December 2, 3 & 4
LIGHT AND DARK AND NOH IN VANCOUVER’S DOWNTOWN EASTSIDE
Local history, contemporary music and classical Japanese theatre practices meet in Shadow Catch, a brand new chamber opera that weaves together four stories from the Downtown Eastside. Rich with haunting characters and artistic hat-tips to noh, Shadow Catch features an evocative score by four Vancouver composers (Dorothy Chang, Jennifer Butler, Farshid Samandari, and Benton Roark), as well as an original text by celebrated Vancouver poet Daphne Marlatt.
Shadow Catch—which premieres at the Firehall Arts Centre on December 2 as part of Vancouver Pro Musica’s Further East/Further West series—tells the story of a young runaway newly arrived in Vancouver who spends the night in Oppenheimer Park—and the four spirits who appear to him in his dreams. These spirits recount aspects of the dynamic pre-war history of the Powell Street neighbourhood.
The Bulletin recently spoke with Colleen Lanki (stage director) and composer Roark about Shadow Catch—and the compelling journey it holds for its audiences.
The marketing material for Shadow Catch describes it as “a brand new chamber opera inspired by Japanese noh.” In what ways has Shadow Catch been inspired by noh theatre?
Colleen Lanki You can see the noh influence in the libretto. Daphne Marlatt has done a lot of research into noh theatre over the years, and the characters she’s created are extremely noh-like. To some degree noh also influenced the music, and there’s a fair bit of noh influence in the movement and the staging. Someone who is familiar with noh would recognize these influences.
Shadow Catch explores the history of the very neighbourhood where it will be performed. How has proximity to the setting of the play affected the project?
Benton Roark It’s been wonderful to be able to build a relationship with the neighbourhood. I’ve tried as much as possible to spend time there. I attended the Powell Street Festival and the recent commemorative Asahi baseball game. I’ve wandered the park at night. I see now that it’s a bustling community. Having that sort of proximity has been helpful for the project. I could close my eyes while writing and picture things.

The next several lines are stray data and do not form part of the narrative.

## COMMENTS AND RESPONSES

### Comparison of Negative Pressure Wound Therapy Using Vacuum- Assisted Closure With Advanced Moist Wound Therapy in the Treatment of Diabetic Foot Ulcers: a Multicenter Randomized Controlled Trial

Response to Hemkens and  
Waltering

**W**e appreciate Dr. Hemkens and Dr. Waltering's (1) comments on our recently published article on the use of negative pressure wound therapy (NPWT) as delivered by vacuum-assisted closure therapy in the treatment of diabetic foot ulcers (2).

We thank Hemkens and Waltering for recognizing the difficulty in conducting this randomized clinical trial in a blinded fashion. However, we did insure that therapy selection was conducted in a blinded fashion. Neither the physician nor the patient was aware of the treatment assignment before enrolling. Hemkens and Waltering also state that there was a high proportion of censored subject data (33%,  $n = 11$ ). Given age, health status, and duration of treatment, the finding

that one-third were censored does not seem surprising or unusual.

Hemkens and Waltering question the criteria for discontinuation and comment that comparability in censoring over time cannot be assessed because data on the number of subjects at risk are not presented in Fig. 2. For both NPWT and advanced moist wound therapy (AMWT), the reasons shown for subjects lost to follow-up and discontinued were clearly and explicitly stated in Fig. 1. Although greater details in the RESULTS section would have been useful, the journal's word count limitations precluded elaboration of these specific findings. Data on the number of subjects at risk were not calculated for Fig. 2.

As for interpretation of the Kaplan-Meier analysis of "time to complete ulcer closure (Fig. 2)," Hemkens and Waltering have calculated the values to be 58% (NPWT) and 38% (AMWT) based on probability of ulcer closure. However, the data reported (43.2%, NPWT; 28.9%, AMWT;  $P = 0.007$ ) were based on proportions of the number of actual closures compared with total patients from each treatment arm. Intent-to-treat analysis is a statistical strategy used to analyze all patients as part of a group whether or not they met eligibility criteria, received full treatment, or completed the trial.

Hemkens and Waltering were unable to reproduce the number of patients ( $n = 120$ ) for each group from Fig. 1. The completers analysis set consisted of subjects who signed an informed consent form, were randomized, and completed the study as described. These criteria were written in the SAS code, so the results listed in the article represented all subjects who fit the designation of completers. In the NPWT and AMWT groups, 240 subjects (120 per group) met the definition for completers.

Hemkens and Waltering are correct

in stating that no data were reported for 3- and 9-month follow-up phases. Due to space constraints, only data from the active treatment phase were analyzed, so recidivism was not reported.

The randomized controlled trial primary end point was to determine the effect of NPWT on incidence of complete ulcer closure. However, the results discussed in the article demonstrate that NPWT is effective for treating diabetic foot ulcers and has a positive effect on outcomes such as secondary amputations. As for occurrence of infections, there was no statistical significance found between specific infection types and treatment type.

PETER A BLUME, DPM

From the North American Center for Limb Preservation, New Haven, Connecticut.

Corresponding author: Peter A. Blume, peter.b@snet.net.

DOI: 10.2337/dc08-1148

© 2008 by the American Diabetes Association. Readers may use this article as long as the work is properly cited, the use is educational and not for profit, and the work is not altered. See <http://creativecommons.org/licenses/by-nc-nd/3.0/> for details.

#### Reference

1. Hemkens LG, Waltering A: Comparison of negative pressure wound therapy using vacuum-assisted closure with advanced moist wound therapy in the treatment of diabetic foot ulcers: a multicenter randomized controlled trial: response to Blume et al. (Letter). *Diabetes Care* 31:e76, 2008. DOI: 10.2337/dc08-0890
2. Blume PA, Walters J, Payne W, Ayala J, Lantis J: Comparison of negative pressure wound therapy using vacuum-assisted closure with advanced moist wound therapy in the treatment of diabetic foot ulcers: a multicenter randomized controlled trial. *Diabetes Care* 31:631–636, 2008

Benton: tell me a little bit about the section of the piece that you composed. Who is your character?
BR I chose the Warrior play. In noh, these plays typically focus on a ghost who is shamed, or defeated, or whose soul is searching for peace. In Shadow Catch, the Warrior play concerns a member of the Asahi baseball team. He first appears as an old man speaking in mysterious poetry, and he reveals his true self to be this star of a championship team. I really followed the narrative quite closely in my music. I wanted to evoke the joy of his memories and of his life leading up to internment and juxtapose that with the sadness of what transpires to him. There’s a strong juxtaposition to my act, and it was driven by wanting to find the light in the dark.
What is your favourite moment in Shadow Catch?
CL My favourite moment is when one of the characters becomes her young self. It’s quite glorious. She appears as an old blind woman, and then over the course of a few bars she transforms into a young, strong woman who ran a brothel. It’s a magical moment. The transformation moments are all beautiful, and are recognizable as noh. Characters will often first appear as an elderly person—maybe an everyday wood gatherer—and then they reveal themselves to be a god, or the ghost of a warrior. That type of noh characterization is something that Daphne has chosen to construct and examine in Shadow Catch.